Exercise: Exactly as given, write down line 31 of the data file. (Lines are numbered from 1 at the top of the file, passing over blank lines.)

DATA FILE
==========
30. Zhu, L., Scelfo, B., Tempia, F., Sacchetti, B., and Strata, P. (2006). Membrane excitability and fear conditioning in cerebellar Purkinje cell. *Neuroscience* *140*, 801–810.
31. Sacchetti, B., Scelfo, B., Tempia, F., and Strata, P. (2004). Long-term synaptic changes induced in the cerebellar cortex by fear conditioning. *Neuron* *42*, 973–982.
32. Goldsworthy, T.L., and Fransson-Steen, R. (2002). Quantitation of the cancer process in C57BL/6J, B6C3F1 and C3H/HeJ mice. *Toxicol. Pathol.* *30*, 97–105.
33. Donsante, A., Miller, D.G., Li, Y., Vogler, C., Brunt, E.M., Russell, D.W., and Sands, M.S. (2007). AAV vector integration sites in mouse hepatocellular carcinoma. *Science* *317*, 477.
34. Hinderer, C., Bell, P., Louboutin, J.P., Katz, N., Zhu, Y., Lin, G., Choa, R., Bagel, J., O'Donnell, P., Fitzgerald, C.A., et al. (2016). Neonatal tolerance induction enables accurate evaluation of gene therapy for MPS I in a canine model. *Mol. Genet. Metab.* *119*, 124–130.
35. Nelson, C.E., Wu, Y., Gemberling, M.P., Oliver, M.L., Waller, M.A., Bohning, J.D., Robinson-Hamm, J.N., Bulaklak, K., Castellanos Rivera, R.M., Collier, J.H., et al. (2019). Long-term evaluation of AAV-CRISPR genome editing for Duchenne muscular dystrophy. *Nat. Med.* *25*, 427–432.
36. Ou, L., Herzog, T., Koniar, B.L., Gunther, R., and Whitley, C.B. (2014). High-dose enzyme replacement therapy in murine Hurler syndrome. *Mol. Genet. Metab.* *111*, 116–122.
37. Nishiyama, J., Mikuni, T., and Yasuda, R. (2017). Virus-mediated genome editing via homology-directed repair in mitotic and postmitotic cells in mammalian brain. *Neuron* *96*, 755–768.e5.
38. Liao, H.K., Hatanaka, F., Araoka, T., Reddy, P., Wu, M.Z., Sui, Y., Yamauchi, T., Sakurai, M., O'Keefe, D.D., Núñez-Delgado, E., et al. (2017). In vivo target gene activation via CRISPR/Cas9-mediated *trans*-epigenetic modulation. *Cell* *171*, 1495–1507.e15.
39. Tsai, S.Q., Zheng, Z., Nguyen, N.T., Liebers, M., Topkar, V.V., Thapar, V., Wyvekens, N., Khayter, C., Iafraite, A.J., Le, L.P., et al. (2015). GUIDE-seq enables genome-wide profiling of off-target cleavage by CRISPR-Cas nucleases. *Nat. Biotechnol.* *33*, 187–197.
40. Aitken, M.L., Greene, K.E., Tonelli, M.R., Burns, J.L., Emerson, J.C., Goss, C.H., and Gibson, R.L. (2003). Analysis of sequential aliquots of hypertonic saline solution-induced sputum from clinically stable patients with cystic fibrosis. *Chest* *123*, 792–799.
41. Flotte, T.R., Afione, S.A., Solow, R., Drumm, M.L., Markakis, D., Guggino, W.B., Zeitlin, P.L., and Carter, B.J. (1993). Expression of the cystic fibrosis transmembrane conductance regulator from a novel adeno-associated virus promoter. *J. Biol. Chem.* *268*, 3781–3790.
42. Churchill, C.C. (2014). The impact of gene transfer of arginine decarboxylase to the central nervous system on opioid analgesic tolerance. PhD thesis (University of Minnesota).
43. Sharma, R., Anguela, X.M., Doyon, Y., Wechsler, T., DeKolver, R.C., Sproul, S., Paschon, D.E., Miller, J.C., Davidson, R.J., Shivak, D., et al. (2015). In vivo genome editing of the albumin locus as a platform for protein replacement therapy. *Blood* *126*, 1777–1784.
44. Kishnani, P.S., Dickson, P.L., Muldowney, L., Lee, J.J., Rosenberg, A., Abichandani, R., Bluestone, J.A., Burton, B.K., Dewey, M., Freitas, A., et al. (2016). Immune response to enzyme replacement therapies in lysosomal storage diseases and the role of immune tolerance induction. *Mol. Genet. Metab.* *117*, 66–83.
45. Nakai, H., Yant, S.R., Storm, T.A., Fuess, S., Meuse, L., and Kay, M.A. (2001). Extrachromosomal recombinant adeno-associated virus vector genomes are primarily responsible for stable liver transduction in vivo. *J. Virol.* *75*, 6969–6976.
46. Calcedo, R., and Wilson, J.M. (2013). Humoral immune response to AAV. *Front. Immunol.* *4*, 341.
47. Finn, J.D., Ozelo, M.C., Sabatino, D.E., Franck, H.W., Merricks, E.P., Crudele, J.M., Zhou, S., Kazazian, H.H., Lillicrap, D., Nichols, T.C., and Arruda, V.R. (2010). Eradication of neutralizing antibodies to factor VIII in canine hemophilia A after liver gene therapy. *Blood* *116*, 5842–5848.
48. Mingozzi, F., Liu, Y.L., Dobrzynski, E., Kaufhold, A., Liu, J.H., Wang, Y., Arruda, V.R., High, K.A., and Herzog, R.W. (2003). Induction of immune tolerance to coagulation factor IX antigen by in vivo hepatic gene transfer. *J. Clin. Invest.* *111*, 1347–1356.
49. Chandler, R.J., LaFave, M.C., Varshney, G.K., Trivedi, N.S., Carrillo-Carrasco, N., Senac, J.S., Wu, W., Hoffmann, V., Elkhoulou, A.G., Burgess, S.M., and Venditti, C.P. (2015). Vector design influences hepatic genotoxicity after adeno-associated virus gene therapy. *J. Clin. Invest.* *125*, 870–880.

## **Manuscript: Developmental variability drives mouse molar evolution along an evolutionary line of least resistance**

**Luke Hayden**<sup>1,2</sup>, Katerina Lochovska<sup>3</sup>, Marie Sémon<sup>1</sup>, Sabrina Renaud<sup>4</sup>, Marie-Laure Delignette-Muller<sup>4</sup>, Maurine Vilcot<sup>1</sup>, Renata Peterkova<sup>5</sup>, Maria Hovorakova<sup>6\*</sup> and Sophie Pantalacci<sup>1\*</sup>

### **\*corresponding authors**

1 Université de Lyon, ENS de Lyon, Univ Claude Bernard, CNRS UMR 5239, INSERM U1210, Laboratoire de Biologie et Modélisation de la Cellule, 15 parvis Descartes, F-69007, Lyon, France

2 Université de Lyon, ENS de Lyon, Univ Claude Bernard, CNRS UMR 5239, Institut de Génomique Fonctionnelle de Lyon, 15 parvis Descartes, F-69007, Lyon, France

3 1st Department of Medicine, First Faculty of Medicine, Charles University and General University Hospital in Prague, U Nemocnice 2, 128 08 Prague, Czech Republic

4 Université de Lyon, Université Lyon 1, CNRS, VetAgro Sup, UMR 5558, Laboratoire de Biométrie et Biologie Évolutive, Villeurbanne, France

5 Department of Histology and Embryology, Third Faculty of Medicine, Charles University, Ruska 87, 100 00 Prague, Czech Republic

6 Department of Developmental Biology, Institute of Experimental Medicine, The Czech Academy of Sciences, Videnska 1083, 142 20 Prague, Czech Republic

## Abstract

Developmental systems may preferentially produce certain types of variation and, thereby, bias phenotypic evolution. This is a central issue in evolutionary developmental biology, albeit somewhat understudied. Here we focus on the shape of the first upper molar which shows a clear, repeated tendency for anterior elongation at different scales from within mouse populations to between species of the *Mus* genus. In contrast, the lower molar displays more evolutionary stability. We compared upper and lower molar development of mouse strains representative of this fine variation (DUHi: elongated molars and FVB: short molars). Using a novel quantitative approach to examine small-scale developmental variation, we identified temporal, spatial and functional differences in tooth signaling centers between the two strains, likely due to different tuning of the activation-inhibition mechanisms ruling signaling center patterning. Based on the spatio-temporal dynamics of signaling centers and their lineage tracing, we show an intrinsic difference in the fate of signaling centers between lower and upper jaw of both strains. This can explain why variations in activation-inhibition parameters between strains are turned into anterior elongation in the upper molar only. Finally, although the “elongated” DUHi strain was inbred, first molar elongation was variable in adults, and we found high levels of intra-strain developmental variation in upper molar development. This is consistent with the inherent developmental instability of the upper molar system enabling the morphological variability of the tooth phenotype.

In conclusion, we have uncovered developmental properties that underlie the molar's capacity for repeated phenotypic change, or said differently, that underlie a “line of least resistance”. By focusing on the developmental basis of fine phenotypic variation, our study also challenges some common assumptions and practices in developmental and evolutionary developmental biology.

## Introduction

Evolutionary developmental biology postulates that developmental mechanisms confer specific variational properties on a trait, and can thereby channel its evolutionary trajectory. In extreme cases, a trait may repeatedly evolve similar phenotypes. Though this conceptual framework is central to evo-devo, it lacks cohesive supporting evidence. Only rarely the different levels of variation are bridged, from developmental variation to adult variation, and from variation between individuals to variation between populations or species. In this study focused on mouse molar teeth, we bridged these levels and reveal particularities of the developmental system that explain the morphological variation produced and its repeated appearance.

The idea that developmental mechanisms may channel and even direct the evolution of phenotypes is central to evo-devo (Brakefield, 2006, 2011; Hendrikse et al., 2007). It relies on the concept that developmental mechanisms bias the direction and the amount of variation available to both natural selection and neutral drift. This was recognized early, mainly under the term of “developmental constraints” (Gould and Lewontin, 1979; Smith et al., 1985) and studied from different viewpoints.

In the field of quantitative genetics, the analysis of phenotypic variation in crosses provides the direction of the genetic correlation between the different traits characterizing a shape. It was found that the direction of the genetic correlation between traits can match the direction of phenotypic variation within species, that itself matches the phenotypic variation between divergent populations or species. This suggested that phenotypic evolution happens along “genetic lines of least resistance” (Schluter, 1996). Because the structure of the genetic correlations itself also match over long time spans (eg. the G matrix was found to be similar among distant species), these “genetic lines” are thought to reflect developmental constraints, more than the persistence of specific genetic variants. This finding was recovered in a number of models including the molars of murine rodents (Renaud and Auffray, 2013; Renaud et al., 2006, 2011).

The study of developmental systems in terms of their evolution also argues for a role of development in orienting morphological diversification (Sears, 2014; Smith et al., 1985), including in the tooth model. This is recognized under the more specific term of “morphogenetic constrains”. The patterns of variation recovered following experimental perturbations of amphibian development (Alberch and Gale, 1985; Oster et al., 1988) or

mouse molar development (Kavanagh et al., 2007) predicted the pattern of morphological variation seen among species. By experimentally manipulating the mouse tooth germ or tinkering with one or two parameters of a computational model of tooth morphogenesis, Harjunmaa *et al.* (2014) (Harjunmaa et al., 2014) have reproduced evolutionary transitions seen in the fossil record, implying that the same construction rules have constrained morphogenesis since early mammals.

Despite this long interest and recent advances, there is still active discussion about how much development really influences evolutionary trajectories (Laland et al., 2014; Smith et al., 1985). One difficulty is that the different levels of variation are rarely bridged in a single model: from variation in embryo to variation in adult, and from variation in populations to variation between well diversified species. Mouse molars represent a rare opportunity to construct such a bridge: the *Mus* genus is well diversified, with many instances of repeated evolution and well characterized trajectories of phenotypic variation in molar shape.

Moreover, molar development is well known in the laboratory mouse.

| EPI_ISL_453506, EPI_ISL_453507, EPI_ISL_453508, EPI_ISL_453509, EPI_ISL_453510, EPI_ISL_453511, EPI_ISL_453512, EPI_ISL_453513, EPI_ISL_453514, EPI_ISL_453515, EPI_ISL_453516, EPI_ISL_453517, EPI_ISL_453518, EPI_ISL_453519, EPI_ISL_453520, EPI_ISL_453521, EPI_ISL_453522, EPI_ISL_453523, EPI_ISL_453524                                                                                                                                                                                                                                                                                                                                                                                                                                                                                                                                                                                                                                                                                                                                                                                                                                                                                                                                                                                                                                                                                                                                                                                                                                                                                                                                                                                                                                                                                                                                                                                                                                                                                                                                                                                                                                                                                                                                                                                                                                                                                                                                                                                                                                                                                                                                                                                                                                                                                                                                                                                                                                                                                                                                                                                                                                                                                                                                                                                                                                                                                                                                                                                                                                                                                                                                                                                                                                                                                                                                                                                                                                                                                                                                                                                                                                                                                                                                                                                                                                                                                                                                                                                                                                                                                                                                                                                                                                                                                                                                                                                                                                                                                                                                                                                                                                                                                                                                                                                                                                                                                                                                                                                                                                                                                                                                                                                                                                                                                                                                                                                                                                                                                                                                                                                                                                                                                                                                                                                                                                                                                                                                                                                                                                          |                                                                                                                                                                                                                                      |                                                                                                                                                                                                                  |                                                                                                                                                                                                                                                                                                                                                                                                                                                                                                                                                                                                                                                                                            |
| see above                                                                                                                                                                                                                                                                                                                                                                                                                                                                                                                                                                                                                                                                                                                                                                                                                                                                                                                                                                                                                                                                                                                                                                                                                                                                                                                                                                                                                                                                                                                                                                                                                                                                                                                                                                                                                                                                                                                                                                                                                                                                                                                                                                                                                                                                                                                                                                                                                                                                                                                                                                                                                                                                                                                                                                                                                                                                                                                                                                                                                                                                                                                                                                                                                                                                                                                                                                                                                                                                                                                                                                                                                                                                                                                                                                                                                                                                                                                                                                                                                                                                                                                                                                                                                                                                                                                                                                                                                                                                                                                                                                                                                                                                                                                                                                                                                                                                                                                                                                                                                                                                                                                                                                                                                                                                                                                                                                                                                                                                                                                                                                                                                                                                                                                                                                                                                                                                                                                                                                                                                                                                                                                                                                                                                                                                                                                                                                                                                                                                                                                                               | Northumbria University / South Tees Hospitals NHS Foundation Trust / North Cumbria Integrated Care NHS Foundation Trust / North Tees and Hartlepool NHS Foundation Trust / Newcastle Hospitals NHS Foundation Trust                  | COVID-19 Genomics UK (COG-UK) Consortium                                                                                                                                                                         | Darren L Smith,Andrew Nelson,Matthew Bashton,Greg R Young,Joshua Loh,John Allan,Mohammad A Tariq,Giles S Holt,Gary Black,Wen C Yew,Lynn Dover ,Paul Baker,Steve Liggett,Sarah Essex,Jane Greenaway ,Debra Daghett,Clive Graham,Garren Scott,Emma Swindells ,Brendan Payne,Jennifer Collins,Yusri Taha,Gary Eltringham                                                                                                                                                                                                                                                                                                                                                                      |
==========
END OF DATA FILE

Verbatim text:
Developmental systems may preferentially produce certain types of variation and, thereby, bias phenotypic evolution. This is a central issue in evolutionary developmental biology, albeit somewhat understudied. Here we focus on the shape of the first upper molar which shows a clear, repeated tendency for anterior elongation at different scales from within mouse populations to between species of the *Mus* genus. In contrast, the lower molar displays more evolutionary stability. We compared upper and lower molar development of mouse strains representative of this fine variation (DUHi: elongated molars and FVB: short molars). Using a novel quantitative approach to examine small-scale developmental variation, we identified temporal, spatial and functional differences in tooth signaling centers between the two strains, likely due to different tuning of the activation-inhibition mechanisms ruling signaling center patterning. Based on the spatio-temporal dynamics of signaling centers and their lineage tracing, we show an intrinsic difference in the fate of signaling centers between lower and upper jaw of both strains. This can explain why variations in activation-inhibition parameters between strains are turned into anterior elongation in the upper molar only. Finally, although the “elongated” DUHi strain was inbred, first molar elongation was variable in adults, and we found high levels of intra-strain developmental variation in upper molar development. This is consistent with the inherent developmental instability of the upper molar system enabling the morphological variability of the tooth phenotype.